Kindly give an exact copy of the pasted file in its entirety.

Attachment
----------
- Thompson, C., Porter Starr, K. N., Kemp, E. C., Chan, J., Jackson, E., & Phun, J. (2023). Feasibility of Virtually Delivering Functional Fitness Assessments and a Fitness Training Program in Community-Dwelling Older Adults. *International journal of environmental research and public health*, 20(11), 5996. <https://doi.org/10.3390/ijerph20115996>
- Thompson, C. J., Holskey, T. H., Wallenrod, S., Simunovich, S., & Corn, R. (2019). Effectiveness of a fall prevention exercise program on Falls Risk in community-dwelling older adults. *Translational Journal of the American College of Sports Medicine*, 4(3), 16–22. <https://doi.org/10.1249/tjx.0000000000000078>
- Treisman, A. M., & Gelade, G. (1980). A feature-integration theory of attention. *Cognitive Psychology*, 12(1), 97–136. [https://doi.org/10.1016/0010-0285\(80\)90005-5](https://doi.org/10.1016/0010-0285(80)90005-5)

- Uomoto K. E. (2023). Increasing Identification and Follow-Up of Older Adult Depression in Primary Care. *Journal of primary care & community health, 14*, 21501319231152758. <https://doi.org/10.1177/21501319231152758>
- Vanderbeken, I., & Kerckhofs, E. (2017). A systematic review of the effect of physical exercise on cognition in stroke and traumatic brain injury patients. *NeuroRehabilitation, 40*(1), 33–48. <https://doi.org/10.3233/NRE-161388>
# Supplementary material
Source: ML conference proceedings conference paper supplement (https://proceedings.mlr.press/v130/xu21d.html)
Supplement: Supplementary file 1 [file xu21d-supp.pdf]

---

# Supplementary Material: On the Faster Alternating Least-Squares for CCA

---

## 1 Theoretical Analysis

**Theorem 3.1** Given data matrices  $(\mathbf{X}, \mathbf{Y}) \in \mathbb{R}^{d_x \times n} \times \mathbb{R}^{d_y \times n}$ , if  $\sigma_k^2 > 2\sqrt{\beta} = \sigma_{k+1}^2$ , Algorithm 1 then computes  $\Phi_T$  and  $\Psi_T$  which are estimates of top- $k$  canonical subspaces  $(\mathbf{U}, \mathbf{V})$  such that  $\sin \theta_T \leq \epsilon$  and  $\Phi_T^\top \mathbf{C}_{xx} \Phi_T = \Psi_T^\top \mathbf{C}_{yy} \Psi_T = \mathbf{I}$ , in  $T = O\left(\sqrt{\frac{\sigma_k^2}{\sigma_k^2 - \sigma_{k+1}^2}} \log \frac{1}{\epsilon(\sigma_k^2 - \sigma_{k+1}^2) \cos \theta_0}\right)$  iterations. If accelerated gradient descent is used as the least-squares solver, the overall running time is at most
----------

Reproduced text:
- Thompson, C., Porter Starr, K. N., Kemp, E. C., Chan, J., Jackson, E., & Phun, J. (2023). Feasibility of Virtually Delivering Functional Fitness Assessments and a Fitness Training Program in Community-Dwelling Older Adults. *International journal of environmental research and public health*, 20(11), 5996. <https://doi.org/10.3390/ijerph20115996>
- Thompson, C. J., Holskey, T. H., Wallenrod, S., Simunovich, S., & Corn, R. (2019). Effectiveness of a fall prevention exercise program on Falls Risk in community-dwelling older adults. *Translational Journal of the American College of Sports Medicine*, 4(3), 16–22. <https://doi.org/10.1249/tjx.0000000000000078>
- Treisman, A. M., & Gelade, G. (1980). A feature-integration theory of attention. *Cognitive Psychology*, 12(1), 97–136. [https://doi.org/10.1016/0010-0285\(80\)90005-5](https://doi.org/10.1016/0010-0285(80)90005-5)

- Uomoto K. E. (2023). Increasing Identification and Follow-Up of Older Adult Depression in Primary Care. *Journal of primary care & community health, 14*, 21501319231152758. <https://doi.org/10.1177/21501319231152758>
- Vanderbeken, I., & Kerckhofs, E. (2017). A systematic review of the effect of physical exercise on cognition in stroke and traumatic brain injury patients. *NeuroRehabilitation, 40*(1), 33–48. <https://doi.org/10.3233/NRE-161388>
# Supplementary material
Source: ML conference proceedings conference paper supplement (https://proceedings.mlr.press/v130/xu21d.html)
Supplement: Supplementary file 1 [file xu21d-supp.pdf]

---

# Supplementary Material: On the Faster Alternating Least-Squares for CCA

---

## 1 Theoretical Analysis

**Theorem 3.1** Given data matrices  $(\mathbf{X}, \mathbf{Y}) \in \mathbb{R}^{d_x \times n} \times \mathbb{R}^{d_y \times n}$ , if  $\sigma_k^2 > 2\sqrt{\beta} = \sigma_{k+1}^2$ , Algorithm 1 then computes  $\Phi_T$  and  $\Psi_T$  which are estimates of top- $k$  canonical subspaces  $(\mathbf{U}, \mathbf{V})$  such that  $\sin \theta_T \leq \epsilon$  and  $\Phi_T^\top \mathbf{C}_{xx} \Phi_T = \Psi_T^\top \mathbf{C}_{yy} \Psi_T = \mathbf{I}$ , in  $T = O\left(\sqrt{\frac{\sigma_k^2}{\sigma_k^2 - \sigma_{k+1}^2}} \log \frac{1}{\epsilon(\sigma_k^2 - \sigma_{k+1}^2) \cos \theta_0}\right)$  iterations. If accelerated gradient descent is used as the least-squares solver, the overall running time is at most